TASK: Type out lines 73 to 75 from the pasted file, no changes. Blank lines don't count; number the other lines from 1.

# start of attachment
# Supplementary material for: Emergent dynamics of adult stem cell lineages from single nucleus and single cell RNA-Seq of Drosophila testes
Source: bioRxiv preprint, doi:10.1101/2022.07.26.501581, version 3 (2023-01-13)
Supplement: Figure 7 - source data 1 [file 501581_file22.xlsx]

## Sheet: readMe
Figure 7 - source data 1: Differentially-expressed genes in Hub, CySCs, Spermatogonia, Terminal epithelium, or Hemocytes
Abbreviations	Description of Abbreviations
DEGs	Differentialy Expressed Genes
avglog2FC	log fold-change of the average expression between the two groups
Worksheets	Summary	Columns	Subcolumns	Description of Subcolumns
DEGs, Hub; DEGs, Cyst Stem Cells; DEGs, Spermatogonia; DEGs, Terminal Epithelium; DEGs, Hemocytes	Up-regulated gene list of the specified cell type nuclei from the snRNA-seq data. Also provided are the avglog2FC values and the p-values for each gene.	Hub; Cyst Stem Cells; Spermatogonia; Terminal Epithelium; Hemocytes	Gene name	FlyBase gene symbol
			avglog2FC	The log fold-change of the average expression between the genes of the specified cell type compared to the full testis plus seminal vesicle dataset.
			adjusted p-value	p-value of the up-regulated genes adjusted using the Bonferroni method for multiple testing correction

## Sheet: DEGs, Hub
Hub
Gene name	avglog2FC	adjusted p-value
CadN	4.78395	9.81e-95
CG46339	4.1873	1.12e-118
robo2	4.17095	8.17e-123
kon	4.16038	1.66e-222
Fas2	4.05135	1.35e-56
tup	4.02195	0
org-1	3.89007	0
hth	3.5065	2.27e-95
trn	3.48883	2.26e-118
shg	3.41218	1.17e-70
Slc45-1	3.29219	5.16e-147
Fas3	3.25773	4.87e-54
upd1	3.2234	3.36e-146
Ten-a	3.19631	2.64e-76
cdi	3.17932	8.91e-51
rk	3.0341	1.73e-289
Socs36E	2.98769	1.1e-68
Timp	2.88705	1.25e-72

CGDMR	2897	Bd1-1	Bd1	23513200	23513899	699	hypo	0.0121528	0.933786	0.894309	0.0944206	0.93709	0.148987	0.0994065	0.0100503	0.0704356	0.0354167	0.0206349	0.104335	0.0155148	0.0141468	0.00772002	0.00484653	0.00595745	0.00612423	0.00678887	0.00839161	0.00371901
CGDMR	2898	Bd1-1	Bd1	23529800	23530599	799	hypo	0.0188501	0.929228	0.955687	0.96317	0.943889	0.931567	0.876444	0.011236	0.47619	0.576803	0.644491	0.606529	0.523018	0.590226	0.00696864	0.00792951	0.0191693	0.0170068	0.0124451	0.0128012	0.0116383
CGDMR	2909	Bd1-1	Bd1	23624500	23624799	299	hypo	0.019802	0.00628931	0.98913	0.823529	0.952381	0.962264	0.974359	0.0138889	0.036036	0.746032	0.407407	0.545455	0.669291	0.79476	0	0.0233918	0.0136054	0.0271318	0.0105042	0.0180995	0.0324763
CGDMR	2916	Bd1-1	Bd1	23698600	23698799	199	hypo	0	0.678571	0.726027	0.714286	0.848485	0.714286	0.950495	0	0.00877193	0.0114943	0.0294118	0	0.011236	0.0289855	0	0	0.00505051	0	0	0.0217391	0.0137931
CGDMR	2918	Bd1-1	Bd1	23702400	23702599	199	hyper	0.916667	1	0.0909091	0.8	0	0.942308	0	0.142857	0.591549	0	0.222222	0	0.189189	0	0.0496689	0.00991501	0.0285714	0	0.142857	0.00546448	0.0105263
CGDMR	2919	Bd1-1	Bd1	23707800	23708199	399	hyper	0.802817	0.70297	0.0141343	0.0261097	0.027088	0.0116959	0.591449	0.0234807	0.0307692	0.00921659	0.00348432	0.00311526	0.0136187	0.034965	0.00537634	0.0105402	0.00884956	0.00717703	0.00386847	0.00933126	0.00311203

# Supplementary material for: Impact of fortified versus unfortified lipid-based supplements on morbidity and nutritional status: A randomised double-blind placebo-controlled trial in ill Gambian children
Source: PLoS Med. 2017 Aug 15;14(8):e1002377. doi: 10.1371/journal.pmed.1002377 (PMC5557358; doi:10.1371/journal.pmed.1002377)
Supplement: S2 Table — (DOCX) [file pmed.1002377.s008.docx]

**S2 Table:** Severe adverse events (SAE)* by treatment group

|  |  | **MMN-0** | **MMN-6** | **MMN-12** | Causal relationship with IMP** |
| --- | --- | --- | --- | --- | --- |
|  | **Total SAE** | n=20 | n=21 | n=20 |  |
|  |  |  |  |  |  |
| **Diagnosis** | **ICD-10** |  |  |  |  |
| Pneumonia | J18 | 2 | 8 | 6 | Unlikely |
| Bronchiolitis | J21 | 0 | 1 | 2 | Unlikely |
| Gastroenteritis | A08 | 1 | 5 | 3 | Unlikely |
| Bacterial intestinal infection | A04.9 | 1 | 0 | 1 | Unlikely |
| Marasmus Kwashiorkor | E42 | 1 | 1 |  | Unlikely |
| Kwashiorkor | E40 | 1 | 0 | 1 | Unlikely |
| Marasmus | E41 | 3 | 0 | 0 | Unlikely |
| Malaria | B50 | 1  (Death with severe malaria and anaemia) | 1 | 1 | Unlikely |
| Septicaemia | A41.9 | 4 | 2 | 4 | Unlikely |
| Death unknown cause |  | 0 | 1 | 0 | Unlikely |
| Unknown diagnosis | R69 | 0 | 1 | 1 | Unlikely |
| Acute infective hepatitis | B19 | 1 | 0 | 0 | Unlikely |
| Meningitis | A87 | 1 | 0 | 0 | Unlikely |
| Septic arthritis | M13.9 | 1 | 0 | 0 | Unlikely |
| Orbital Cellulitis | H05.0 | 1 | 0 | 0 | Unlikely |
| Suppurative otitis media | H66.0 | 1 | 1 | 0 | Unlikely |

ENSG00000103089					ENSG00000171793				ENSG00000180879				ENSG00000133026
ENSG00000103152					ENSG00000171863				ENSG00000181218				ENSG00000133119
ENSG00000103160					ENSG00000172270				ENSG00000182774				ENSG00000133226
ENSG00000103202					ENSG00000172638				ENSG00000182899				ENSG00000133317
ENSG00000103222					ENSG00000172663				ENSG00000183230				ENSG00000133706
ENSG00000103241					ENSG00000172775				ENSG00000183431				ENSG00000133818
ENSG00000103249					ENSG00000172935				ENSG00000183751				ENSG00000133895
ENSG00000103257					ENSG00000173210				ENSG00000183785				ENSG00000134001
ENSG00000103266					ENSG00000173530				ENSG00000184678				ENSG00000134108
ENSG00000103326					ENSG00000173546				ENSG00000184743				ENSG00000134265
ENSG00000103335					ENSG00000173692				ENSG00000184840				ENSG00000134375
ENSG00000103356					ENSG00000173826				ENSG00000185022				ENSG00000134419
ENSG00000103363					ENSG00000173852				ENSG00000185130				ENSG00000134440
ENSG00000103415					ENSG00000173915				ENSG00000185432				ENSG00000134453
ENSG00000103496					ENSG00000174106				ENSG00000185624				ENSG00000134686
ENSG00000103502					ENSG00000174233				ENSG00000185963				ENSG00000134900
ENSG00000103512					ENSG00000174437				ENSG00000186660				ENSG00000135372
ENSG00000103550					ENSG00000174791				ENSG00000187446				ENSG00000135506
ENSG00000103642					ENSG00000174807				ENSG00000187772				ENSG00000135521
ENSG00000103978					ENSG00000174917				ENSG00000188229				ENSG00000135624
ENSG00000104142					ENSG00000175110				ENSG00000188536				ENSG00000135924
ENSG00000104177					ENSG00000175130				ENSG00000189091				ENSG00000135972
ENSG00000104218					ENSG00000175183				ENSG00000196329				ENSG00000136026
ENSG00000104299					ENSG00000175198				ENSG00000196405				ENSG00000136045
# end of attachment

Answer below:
ENSG00000103266					ENSG00000173530				ENSG00000184678				ENSG00000134108
ENSG00000103326					ENSG00000173546				ENSG00000184743				ENSG00000134265
ENSG00000103335					ENSG00000173692				ENSG00000184840				ENSG00000134375